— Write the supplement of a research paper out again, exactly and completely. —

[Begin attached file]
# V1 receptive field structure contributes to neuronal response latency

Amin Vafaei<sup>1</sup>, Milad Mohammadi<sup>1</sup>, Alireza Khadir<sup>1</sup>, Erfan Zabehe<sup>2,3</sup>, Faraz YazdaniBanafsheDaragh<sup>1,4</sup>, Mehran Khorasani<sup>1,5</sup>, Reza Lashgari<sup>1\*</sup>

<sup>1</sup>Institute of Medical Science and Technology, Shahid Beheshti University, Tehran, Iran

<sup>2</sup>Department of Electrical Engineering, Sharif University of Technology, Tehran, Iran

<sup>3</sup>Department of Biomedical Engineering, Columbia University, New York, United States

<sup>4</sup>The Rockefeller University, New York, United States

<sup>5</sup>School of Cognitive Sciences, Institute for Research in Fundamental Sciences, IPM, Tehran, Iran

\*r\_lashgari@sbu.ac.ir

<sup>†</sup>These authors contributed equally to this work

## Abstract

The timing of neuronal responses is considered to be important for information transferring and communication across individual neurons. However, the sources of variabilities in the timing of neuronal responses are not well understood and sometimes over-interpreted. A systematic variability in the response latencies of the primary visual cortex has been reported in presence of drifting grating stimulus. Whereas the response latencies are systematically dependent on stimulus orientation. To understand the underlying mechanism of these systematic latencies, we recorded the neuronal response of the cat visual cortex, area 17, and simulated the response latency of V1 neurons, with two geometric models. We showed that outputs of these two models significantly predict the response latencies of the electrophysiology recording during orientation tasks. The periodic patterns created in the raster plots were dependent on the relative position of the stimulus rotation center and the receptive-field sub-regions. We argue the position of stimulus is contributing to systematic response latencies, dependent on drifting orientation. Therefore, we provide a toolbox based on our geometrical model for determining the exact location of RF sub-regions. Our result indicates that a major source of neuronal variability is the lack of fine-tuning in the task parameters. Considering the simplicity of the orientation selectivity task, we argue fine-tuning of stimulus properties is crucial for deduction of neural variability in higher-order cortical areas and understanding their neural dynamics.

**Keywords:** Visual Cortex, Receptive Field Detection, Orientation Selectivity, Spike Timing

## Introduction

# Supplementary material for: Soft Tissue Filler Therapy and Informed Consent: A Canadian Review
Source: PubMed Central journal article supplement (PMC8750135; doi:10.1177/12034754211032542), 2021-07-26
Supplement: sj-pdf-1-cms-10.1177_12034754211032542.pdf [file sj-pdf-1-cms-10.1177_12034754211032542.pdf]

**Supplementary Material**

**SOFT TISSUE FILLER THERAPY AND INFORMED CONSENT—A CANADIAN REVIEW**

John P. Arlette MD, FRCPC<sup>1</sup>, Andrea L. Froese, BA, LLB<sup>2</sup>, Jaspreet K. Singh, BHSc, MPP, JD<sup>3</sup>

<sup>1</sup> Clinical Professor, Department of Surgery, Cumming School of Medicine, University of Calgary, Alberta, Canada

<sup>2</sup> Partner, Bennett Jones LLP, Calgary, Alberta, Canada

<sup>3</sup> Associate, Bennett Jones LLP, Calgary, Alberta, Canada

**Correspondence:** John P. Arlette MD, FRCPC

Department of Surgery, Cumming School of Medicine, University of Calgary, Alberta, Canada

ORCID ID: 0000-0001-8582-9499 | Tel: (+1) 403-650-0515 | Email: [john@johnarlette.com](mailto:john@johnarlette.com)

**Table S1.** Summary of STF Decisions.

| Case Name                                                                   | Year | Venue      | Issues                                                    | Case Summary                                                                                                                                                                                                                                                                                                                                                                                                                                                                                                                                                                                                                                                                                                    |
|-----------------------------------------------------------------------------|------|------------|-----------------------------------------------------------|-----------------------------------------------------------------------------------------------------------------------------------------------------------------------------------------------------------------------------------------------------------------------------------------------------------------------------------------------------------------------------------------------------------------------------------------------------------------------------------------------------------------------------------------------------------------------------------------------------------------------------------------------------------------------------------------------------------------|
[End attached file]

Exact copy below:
# V1 receptive field structure contributes to neuronal response latency

Amin Vafaei<sup>1</sup>, Milad Mohammadi<sup>1</sup>, Alireza Khadir<sup>1</sup>, Erfan Zabehe<sup>2,3</sup>, Faraz YazdaniBanafsheDaragh<sup>1,4</sup>, Mehran Khorasani<sup>1,5</sup>, Reza Lashgari<sup>1\*</sup>

<sup>1</sup>Institute of Medical Science and Technology, Shahid Beheshti University, Tehran, Iran

<sup>2</sup>Department of Electrical Engineering, Sharif University of Technology, Tehran, Iran

<sup>3</sup>Department of Biomedical Engineering, Columbia University, New York, United States

<sup>4</sup>The Rockefeller University, New York, United States

<sup>5</sup>School of Cognitive Sciences, Institute for Research in Fundamental Sciences, IPM, Tehran, Iran

\*r\_lashgari@sbu.ac.ir

<sup>†</sup>These authors contributed equally to this work

## Abstract

The timing of neuronal responses is considered to be important for information transferring and communication across individual neurons. However, the sources of variabilities in the timing of neuronal responses are not well understood and sometimes over-interpreted. A systematic variability in the response latencies of the primary visual cortex has been reported in presence of drifting grating stimulus. Whereas the response latencies are systematically dependent on stimulus orientation. To understand the underlying mechanism of these systematic latencies, we recorded the neuronal response of the cat visual cortex, area 17, and simulated the response latency of V1 neurons, with two geometric models. We showed that outputs of these two models significantly predict the response latencies of the electrophysiology recording during orientation tasks. The periodic patterns created in the raster plots were dependent on the relative position of the stimulus rotation center and the receptive-field sub-regions. We argue the position of stimulus is contributing to systematic response latencies, dependent on drifting orientation. Therefore, we provide a toolbox based on our geometrical model for determining the exact location of RF sub-regions. Our result indicates that a major source of neuronal variability is the lack of fine-tuning in the task parameters. Considering the simplicity of the orientation selectivity task, we argue fine-tuning of stimulus properties is crucial for deduction of neural variability in higher-order cortical areas and understanding their neural dynamics.

**Keywords:** Visual Cortex, Receptive Field Detection, Orientation Selectivity, Spike Timing

## Introduction

# Supplementary material for: Soft Tissue Filler Therapy and Informed Consent: A Canadian Review
Source: PubMed Central journal article supplement (PMC8750135; doi:10.1177/12034754211032542), 2021-07-26
Supplement: sj-pdf-1-cms-10.1177_12034754211032542.pdf [file sj-pdf-1-cms-10.1177_12034754211032542.pdf]

**Supplementary Material**

**SOFT TISSUE FILLER THERAPY AND INFORMED CONSENT—A CANADIAN REVIEW**

John P. Arlette MD, FRCPC<sup>1</sup>, Andrea L. Froese, BA, LLB<sup>2</sup>, Jaspreet K. Singh, BHSc, MPP, JD<sup>3</sup>

<sup>1</sup> Clinical Professor, Department of Surgery, Cumming School of Medicine, University of Calgary, Alberta, Canada

<sup>2</sup> Partner, Bennett Jones LLP, Calgary, Alberta, Canada

<sup>3</sup> Associate, Bennett Jones LLP, Calgary, Alberta, Canada

**Correspondence:** John P. Arlette MD, FRCPC

Department of Surgery, Cumming School of Medicine, University of Calgary, Alberta, Canada

ORCID ID: 0000-0001-8582-9499 | Tel: (+1) 403-650-0515 | Email: [john@johnarlette.com](mailto:john@johnarlette.com)

**Table S1.** Summary of STF Decisions.

| Case Name                                                                   | Year | Venue      | Issues                                                    | Case Summary                                                                                                                                                                                                                                                                                                                                                                                                                                                                                                                                                                                                                                                                                                    |
|-----------------------------------------------------------------------------|------|------------|-----------------------------------------------------------|-----------------------------------------------------------------------------------------------------------------------------------------------------------------------------------------------------------------------------------------------------------------------------------------------------------------------------------------------------------------------------------------------------------------------------------------------------------------------------------------------------------------------------------------------------------------------------------------------------------------------------------------------------------------------------------------------------------------|